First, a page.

Stephen


     

2008\08\03@194021 by Richard Prosser

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Forrest,

One common trick for measuring current from a high side shunt is to
convert the output voltage driver to a constant current source. Then
this can be returned to ground and a single resistor converts the
current back to  a voltage again. Provided the current driver can
withstand the maximum voltage you can level shift over a wide voltage
range.

RP

2008/8/4 Forrest W Christian <EraseMEforrestcspam_OUTspamTakeThisOuTimach.com>:
{Quote hidden}

> -

2008\08\03@200242 by Jinx

face picon face
> Think solar site where the instrument is powered from the same
> batteries that you are measuring voltage from

Can you do anything about that ?

2008\08\03@203148 by Apptech

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> Here's the problem:   The voltage sources may or may not
> be
> interconnected with each other and/or the voltage source
> for the
> telemetry instrument.  In addition, the voltage sources
> may be
> interconnected but at a higher reference voltage - I.E. a
> high side
> shunt or similar.

> In short, I need the functional equivalent of an
> instrumentation
> amplifier which can be adjusted to measure input voltages
> over a wide
> range (+-60V) and like I mentioned above may or may not be
> interconnected electrically with the amplifier's power
> supply.   I'd
> also like to do my best to make it "idiot-destruction"
> proof.

A reasonably simple instrumentation amplifier can have a
common mode range outside ground. This could use 2 or 3
sections of something as low cost as an eg LM324 or LM358
and possible meet your need.

If the input voltage sources are truly isolated from the
output they could assume very large voltage differences due
to eg electrostatic charging or stray sources. It may be
that you can "vaguely ground reference" them with eg a 1M
resistor from one leg to ground, thus allowing the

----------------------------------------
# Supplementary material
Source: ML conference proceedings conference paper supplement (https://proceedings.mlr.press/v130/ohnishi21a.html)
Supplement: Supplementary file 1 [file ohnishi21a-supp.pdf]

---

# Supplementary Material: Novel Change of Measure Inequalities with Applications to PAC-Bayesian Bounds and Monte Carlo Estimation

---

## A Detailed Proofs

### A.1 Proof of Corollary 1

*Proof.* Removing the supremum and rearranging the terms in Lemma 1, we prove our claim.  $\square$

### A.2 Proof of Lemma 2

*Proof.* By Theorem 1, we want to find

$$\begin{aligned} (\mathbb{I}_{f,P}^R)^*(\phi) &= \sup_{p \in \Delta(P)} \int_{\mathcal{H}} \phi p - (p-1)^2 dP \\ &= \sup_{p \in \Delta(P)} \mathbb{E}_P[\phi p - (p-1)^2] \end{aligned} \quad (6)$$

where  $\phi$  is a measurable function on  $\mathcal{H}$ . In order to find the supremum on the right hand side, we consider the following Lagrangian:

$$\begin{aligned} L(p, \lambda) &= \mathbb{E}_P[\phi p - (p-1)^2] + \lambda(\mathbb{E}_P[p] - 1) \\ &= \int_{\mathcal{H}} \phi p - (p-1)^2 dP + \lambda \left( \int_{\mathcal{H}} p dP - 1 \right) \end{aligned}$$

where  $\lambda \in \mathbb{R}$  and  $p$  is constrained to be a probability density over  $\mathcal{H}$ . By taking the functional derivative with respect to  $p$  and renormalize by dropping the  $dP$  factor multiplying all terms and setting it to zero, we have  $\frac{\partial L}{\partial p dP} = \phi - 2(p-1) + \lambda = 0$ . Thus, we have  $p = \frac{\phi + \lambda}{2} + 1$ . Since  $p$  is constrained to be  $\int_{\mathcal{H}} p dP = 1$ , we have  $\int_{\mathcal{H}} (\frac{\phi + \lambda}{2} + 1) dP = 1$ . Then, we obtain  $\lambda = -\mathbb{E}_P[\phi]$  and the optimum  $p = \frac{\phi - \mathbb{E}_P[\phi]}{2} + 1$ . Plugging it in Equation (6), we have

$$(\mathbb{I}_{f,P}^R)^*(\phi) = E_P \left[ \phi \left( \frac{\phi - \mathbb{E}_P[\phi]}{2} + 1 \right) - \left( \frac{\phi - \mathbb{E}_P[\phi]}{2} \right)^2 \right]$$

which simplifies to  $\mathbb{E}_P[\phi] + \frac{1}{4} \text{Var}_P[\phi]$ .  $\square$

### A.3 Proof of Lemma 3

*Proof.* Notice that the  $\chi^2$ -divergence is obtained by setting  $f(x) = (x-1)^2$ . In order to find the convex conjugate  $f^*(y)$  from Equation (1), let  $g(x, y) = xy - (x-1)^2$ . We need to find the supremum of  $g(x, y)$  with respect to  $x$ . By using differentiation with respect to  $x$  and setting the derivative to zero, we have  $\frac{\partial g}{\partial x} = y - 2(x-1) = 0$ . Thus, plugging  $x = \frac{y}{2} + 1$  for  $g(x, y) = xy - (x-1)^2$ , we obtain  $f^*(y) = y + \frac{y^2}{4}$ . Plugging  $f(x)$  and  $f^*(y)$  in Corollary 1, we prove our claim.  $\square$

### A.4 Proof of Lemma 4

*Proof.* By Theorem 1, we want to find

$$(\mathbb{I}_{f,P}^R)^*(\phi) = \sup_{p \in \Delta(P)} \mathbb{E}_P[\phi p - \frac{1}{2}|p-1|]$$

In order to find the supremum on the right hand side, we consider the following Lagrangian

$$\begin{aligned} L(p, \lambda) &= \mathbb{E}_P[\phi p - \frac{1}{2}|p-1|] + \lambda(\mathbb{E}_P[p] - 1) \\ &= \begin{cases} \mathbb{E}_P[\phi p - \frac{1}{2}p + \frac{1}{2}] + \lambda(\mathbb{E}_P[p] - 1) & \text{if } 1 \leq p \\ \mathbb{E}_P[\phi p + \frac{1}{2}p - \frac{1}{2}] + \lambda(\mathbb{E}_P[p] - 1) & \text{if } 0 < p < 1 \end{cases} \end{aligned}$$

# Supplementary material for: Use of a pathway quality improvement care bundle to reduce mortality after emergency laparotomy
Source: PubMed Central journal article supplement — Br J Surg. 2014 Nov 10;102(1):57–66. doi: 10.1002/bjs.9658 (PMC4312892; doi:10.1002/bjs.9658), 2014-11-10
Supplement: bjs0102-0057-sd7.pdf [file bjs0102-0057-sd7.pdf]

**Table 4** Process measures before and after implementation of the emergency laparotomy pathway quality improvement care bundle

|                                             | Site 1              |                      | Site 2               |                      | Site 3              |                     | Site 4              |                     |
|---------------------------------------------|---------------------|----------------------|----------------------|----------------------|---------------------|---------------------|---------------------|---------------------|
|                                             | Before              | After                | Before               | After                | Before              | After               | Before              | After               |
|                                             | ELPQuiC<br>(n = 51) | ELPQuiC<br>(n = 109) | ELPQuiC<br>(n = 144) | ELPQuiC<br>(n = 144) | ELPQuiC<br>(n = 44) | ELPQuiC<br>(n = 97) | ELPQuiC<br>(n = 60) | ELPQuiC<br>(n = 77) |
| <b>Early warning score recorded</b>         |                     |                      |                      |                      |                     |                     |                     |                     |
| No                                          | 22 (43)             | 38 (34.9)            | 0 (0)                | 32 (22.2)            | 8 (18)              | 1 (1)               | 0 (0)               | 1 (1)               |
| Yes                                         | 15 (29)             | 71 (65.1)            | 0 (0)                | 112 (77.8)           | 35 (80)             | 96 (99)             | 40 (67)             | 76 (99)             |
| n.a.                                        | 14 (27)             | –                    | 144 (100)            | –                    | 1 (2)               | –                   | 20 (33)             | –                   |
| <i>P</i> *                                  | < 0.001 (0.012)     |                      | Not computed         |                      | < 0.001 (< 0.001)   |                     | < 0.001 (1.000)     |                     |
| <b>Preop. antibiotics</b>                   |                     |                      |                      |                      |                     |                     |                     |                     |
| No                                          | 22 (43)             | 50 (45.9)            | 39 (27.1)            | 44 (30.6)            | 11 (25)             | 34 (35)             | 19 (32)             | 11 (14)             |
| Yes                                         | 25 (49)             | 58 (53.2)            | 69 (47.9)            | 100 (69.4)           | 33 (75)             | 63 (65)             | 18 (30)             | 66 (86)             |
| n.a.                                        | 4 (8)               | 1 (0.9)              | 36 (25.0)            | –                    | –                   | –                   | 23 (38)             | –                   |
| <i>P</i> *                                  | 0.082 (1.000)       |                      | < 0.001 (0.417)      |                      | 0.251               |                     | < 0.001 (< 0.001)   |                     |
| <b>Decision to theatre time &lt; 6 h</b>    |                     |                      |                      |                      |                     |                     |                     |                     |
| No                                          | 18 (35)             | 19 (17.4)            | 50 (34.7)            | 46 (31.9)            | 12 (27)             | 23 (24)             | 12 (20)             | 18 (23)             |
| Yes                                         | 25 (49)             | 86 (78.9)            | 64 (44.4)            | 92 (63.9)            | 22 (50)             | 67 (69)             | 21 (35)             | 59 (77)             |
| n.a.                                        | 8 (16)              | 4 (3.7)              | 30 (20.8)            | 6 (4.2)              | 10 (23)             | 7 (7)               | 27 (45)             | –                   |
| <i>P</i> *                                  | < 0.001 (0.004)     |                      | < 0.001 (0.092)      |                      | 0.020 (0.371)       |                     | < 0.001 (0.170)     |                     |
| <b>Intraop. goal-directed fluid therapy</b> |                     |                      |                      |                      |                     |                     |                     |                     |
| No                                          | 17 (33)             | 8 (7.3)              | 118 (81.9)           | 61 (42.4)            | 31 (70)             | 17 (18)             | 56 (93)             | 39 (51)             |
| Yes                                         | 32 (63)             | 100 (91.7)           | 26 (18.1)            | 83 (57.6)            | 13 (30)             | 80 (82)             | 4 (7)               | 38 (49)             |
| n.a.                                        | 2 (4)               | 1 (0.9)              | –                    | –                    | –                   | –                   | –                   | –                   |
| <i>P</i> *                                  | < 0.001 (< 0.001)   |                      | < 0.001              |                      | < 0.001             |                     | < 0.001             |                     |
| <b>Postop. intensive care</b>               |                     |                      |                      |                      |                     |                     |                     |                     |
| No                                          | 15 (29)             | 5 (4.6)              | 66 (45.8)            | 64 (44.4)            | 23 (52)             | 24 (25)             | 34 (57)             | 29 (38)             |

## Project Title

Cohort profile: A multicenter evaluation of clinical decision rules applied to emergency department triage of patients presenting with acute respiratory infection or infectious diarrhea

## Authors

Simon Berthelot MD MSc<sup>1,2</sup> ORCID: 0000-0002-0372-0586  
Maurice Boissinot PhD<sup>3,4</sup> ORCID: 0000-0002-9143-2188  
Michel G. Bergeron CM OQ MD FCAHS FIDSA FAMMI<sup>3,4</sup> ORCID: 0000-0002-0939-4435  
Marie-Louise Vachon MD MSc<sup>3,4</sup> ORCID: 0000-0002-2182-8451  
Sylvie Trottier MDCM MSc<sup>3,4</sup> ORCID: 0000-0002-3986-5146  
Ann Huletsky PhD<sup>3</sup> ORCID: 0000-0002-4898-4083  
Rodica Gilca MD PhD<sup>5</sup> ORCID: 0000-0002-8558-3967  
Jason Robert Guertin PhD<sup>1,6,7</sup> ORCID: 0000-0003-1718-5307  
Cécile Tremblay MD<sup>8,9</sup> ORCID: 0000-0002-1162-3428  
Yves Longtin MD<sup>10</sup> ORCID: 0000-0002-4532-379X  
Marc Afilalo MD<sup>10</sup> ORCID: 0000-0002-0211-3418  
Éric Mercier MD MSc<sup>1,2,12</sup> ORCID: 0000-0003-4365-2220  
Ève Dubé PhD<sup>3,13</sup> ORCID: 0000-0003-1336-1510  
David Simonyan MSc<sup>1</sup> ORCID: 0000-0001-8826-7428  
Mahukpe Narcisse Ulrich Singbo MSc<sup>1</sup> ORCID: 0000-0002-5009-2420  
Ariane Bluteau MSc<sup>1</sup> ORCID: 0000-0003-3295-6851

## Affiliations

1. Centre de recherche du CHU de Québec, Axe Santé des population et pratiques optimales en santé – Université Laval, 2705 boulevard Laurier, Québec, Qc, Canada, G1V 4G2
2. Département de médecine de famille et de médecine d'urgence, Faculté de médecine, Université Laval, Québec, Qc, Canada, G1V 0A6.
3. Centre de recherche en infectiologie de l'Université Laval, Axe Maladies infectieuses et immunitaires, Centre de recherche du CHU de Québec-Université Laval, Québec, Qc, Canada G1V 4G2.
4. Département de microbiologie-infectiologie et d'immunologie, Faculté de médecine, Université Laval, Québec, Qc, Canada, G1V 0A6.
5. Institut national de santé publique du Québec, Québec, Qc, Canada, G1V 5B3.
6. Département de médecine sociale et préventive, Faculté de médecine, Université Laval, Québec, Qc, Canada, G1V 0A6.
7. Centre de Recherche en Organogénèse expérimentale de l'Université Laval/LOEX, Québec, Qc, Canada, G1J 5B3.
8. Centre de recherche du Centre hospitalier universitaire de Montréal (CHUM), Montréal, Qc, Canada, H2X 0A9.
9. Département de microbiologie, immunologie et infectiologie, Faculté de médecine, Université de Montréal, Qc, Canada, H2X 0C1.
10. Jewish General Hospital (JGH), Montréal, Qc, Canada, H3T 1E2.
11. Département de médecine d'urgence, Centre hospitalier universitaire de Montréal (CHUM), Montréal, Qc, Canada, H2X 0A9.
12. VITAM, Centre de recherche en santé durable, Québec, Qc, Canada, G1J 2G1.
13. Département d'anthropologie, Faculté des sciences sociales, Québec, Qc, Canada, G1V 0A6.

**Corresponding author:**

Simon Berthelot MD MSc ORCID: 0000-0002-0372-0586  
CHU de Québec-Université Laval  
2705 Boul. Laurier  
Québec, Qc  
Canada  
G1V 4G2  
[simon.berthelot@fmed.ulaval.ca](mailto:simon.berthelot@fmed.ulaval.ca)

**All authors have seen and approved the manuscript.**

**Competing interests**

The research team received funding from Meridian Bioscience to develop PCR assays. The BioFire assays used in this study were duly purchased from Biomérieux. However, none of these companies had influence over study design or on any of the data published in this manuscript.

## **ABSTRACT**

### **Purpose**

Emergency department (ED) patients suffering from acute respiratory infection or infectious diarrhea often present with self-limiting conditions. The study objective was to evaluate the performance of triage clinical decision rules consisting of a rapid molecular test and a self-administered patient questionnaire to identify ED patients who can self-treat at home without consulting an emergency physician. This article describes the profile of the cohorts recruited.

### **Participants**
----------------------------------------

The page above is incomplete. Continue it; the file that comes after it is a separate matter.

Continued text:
instrumentation amplifier approach to work with some safety.

For true floating inputs you can use eg analog optical
transmission using dual optocouplers custom made for this
purpose, or digitise at input and couple digital result
optically or with other isolated means. ADC conversion does
not have to use normal ADC means. It could be eg VCO,
voltage to pulse width etc. Depending on required accuracy,
something as 'horrible" as a 555 variant as a VCO or PWM
with optocoupler coupling could suffice.






          Russell McMahon

2008\08\03@210841 by Forrest W Christian

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Jinx wrote:
>> Think solar site where the instrument is powered from the same
>> batteries that you are measuring voltage from
>
> Can you do anything about that ?
>

No, unfortunately.

This will typically be used at remote solar-powered sites.   In fact,
almost every one of these will be powered by solar power and will be
expected to measure at least battery voltage, solar array voltage,
charging current and load current.  And, because the only source of
power is the battery array, this will be powered by the battery array.

If I was *only* monitoring the batteries, that would be easy, but the
other big piece of this is to monitor things like fuel tank levels,
generator operational status, signal strengths, etc. - all of which are
designed by different companies, and some make the assumption that
you'll be using a normal, isolated, voltmeter to do the measurements,
and as such do weird things like drive the signal below their ground, or
use a negative reference voltage, etc.

-forrest

2008\08\03@211006 by Antonio Benci